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to theodore sedgwick - Alexander Hamilton, The Works of Alexander Hamilton, (Federal Edition), vol. 10 
The Works of Alexander Hamilton, ed. Henry Cabot Lodge (Federal Edition) (New York: G.P. Putnam’s Sons, 1904). In 12 vols. Vol. 10.
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to theodore sedgwick
The President ought to make a solemn and manly communication to Congress—the language grave and firm, but without invective, in which, after recapitulating the progress of our controversy with France, the measures taken toward accommodation, and stating their degrading result, he ought to advert to the extremely critical posture of Europe, the excessive pretensions of France externally, her treatment of the neutral powers generally, and dwelling emphatically on the late violent invasion of their commerce, as an act destructive of the independence of nations, to state that eventual dangers of the most serious kind hang over us, and that we ought to consider ourselves as bound to provide with the utmost energy for the immediate security of our invaded rights, and for the ultimate defence of our liberty and independence, and conclude with a recommendation in general terms to adopt efficient measures for increasing our revenue, for protecting our commerce, for guarding our sea-ports, and ultimately for repelling invasion; intimating also, that the relations of treaty which have subsisted between us and France, and which have been so entirely disregarded by her, ought not to remain by our Constitution and laws binding upon us, but ought to be suspended in their operations, till an adjustment of differences shall re-establish a basis of connection and intercourse between two countries, taking especial care, however, that merely defensive views be indicated.1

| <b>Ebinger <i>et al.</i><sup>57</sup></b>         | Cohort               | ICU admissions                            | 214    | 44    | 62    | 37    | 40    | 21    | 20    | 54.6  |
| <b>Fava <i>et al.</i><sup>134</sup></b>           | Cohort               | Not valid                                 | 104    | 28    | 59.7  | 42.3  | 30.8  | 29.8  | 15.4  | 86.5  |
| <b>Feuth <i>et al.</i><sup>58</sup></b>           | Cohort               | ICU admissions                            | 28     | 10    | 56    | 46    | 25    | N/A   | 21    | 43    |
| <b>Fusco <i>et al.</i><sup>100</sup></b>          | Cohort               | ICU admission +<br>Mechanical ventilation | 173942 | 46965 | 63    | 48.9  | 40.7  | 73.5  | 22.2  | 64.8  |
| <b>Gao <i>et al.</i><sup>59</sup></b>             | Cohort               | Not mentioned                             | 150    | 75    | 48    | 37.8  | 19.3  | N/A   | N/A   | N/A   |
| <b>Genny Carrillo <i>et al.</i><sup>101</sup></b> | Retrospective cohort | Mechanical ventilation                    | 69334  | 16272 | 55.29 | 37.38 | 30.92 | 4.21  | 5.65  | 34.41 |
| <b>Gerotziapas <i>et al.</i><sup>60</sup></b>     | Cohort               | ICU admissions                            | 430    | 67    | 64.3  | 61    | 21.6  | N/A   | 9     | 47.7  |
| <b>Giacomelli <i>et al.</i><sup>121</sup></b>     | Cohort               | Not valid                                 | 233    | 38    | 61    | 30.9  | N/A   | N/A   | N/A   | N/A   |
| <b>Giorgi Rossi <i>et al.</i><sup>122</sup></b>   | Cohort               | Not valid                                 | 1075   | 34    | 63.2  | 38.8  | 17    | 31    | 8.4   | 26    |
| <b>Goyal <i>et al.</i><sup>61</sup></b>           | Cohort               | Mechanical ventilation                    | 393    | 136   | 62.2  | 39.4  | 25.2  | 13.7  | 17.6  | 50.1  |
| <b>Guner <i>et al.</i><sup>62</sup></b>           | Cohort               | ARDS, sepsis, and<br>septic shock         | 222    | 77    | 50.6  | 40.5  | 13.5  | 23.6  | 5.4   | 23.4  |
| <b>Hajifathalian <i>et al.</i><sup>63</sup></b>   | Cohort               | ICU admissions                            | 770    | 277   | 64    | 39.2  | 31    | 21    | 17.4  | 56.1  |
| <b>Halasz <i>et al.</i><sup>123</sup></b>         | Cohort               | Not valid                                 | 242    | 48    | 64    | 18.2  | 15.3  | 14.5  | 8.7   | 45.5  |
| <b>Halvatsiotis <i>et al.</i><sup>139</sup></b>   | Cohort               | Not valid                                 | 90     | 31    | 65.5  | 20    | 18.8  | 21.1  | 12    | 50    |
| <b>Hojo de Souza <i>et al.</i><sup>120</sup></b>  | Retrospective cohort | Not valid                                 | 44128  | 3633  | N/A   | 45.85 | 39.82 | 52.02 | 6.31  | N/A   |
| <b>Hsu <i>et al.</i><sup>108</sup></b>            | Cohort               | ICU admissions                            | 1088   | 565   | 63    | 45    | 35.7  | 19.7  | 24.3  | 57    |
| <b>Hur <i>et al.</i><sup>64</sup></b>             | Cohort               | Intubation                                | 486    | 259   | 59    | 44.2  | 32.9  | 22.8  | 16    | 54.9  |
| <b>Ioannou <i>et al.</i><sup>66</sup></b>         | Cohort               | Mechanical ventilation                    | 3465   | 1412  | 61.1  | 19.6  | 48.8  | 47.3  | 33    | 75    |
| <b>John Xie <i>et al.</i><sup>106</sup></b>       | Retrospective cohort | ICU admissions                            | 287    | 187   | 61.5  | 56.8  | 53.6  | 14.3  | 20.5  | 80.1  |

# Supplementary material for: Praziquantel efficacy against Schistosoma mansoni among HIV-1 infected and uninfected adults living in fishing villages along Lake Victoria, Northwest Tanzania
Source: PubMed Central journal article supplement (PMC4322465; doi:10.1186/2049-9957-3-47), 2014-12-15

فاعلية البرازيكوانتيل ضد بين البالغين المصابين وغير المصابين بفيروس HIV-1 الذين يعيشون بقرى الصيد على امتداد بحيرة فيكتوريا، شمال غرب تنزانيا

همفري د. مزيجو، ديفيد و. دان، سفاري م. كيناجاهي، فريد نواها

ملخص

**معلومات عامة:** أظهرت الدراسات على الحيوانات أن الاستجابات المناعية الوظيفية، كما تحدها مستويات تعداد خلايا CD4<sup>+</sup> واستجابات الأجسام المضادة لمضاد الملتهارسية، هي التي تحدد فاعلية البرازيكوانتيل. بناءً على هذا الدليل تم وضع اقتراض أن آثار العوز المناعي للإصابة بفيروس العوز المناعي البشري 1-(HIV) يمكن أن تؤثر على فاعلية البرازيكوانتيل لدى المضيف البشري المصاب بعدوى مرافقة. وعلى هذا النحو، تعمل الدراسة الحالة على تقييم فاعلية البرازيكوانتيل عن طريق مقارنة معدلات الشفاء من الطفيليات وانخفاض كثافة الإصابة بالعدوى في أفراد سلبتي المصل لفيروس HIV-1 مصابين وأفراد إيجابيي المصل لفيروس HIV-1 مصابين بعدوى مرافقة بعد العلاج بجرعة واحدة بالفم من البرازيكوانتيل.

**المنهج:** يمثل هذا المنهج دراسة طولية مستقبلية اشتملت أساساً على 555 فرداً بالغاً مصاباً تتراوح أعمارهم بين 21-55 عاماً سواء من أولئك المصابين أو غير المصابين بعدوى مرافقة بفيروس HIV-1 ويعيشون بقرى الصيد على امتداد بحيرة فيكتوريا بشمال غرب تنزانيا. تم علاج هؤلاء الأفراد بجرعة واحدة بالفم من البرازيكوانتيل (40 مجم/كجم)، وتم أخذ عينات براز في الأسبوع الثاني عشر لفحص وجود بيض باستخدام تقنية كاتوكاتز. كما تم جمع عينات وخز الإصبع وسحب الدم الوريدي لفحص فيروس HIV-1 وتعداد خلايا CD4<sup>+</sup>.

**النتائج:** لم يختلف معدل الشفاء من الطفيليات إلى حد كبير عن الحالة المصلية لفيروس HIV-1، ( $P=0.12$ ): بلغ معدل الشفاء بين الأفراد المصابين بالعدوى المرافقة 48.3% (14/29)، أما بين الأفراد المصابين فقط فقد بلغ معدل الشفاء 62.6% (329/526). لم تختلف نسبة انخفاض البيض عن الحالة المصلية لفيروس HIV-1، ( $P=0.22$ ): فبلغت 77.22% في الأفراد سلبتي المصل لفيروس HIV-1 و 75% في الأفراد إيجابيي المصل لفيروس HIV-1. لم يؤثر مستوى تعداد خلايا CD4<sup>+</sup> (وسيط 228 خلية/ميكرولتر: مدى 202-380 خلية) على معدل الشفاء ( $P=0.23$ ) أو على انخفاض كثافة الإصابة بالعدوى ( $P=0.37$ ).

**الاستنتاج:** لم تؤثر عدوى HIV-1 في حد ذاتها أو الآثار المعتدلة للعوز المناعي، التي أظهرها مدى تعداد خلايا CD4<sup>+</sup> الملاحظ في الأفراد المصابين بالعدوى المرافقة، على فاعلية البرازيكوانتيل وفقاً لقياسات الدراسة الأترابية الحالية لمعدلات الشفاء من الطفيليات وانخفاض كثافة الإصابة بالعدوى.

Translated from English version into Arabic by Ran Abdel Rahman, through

Reprinted from the History of the Republic, vii., 114.